Due to scaling effects, the achievable thermal gradient is predicted to scale with MB, at a given metabolic cost, to the 0.5 power (Eq. 2). Therefore if leatherbacks maintain their TB above a minimum value only larger animals should be found foraging in colder waters. Eckert (2002) noted that animals <100 cm carapace length were not observed in TW <26°C [13]. James et al. (2006) recorded a leatherback of 148 cm curved carapace length (around 500 kg) repeatedly diving into water of 0.4°C [5]. The model predicts that a 500 kg leatherback would have to have a metabolic rate twice that of our swimming juveniles (four times resting) to keep a body temperature of 20°C in these extremely cold waters.

In warm water our leatherbacks had a similar heat loss rate (Table 1 and 2) from the flippers as the plastron suggesting similar heat flux over their entire body surface when dumping heat in warm water. Presumably this was due to maximizing perfusion of the skin. When coupled with a minimization in flipper stroke frequency the 37 kg leatherback had a TB – TW of only 0.5°C in the warmest water (31°C). The 16 kg leatherback although having a similar flipper stroke frequency as the 37 kg animal did not increase heat loss as water temperatures rose so its thermal gradient was greater (TBTW = 0.8°C). Since surface area scales with MB to the 2/3 power and heat production scales to the 0.83, there is very little added heat production per surface area as an animal grows. Therefore, in the tropics, if an adult leatherback routed blood to its entire surface the potential for heat loss should be great enough that the animals will not be in danger of overheating, even when swimming. In the tropics, adult females had a TB 1 – 4°C greater than ambient water [6] and TB was correlated with TW, signifying high rates of heat loss in large leatherbacks.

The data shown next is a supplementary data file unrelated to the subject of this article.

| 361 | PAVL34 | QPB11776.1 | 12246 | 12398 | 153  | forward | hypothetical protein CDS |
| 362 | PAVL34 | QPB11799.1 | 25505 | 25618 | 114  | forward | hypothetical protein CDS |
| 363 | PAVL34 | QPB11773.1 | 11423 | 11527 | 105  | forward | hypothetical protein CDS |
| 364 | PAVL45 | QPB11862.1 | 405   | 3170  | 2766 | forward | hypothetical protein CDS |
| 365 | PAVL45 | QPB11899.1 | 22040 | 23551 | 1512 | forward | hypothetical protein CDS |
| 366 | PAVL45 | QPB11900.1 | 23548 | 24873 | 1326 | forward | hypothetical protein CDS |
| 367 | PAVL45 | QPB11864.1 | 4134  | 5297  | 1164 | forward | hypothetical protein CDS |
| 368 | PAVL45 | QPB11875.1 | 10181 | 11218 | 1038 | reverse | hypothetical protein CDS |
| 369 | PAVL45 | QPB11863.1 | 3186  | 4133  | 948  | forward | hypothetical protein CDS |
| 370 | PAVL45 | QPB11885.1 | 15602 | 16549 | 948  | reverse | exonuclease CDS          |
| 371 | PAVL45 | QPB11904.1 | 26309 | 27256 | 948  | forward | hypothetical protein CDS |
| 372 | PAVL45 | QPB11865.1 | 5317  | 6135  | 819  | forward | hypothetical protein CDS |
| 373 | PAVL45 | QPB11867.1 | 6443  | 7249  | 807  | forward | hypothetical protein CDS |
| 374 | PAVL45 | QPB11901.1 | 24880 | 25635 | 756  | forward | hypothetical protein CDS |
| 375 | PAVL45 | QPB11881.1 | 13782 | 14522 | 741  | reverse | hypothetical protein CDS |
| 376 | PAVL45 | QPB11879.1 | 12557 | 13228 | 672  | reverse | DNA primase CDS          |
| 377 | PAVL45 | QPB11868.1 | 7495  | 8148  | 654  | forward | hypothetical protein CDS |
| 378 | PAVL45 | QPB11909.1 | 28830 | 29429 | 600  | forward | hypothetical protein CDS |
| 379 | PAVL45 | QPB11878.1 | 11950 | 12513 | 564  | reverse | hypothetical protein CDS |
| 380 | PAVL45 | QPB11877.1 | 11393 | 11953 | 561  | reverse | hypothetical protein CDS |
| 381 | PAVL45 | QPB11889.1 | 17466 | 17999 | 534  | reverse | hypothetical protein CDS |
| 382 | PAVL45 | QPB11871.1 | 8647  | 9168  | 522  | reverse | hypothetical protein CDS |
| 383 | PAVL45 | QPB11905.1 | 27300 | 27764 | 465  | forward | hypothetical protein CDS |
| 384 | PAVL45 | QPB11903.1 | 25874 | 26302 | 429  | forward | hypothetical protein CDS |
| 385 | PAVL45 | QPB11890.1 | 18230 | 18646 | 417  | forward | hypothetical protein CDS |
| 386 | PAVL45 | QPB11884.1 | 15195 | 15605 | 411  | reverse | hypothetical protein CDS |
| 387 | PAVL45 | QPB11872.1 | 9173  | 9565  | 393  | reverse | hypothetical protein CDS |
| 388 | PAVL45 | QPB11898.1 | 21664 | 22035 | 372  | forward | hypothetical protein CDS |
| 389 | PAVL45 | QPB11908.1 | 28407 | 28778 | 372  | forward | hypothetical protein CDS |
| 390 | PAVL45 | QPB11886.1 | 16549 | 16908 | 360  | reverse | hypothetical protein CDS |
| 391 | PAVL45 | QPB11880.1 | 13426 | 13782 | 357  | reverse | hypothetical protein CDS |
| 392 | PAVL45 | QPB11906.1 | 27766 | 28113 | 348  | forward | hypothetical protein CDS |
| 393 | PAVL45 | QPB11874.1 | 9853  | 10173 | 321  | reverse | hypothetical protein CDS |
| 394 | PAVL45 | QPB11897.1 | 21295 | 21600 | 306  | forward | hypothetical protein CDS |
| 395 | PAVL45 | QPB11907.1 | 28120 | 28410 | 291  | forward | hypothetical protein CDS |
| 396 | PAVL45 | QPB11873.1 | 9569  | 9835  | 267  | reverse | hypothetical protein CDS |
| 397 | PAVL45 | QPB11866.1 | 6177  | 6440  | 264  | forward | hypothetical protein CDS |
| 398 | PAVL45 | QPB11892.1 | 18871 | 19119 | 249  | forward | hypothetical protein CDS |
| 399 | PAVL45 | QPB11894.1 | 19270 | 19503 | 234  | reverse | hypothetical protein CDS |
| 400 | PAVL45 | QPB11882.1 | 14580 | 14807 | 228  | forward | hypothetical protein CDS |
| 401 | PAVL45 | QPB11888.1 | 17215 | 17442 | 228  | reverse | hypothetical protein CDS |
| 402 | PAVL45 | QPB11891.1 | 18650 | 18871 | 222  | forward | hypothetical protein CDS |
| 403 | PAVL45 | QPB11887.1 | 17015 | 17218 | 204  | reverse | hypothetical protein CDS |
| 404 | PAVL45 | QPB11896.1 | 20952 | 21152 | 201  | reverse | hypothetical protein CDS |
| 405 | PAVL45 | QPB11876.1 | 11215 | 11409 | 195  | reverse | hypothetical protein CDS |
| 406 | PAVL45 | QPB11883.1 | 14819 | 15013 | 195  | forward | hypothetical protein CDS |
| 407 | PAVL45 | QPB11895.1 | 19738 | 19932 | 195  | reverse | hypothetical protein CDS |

3. Other sea turtles

Sea turtles other than leatherbacks have never been shown to sustain TBTWs that are large enough to allow migration to cold temperate waters. Free swimming adult loggerhead turtles, for example, generally hold thermal gradients between stomach and water of only 1–2°C [20]. A loggerhead's TB thus closely reflects TW, and in fact in the Western Atlantic, loggerheads rely on warm waters of the Gulf Stream to overwinter [21]. Kemp's ridleys and green turtles cease to feed and become semi-dormant in water of 15°C [22], whereas adult leatherbacks have been recorded actively feeding in waters as low as 0.4°C [5]. Hard shelled turtles are distributed throughout tropical and subtropical waters again suggesting an inability to maintain a homeostatic TB across a wide range of TWs. A lack of insulation and/or insufficient heat production must underlie the low TBTWs held by these turtles.

Green turtles do seem to be capable of substantial heat production, at least in the short term, and can maintain pectoral muscles 8°C above TW while actively swimming [23]. However, activity in green turtles is unpredictable and when a juvenile was exposed to water at 20°C it remain inactive for 30 minutes before starting swimming [24]. Green turtles of 7–11 kg decrease activity when TW is below 20°C and are quiescent in water of 15°C [22]. Juvenile leatherbacks, on the other hand, increase activity as water temperature decreases to at least 16°C and at each TW activity levels were constant. In a similar study to ours juvenile green turtles appear to use a thermal strategy much like leatherbacks and accomplish similar TBTWs [24]. Juvenile greens between 2 and 60 kg held a TBTW of 2.2°C in 20°C water and a gradient of 1.7°C in 30°C. The greens had a higher thermal admittance in warm water and were more active in cooler water (20°C) but, as shown above, activity declines below 20°C. Despite superficial similarity between the green turtle data and that presented in this study, in reality, the green turtle results yield little insight into why leatherbacks are capable of traveling to sub-polar waters and greens are not because they did not expose their animals to low temperatures [24]. Due to constant swimming leatherbacks have a more reliable source of endogenous heat which is fuelled by their oceanic, pelagic lifestyle.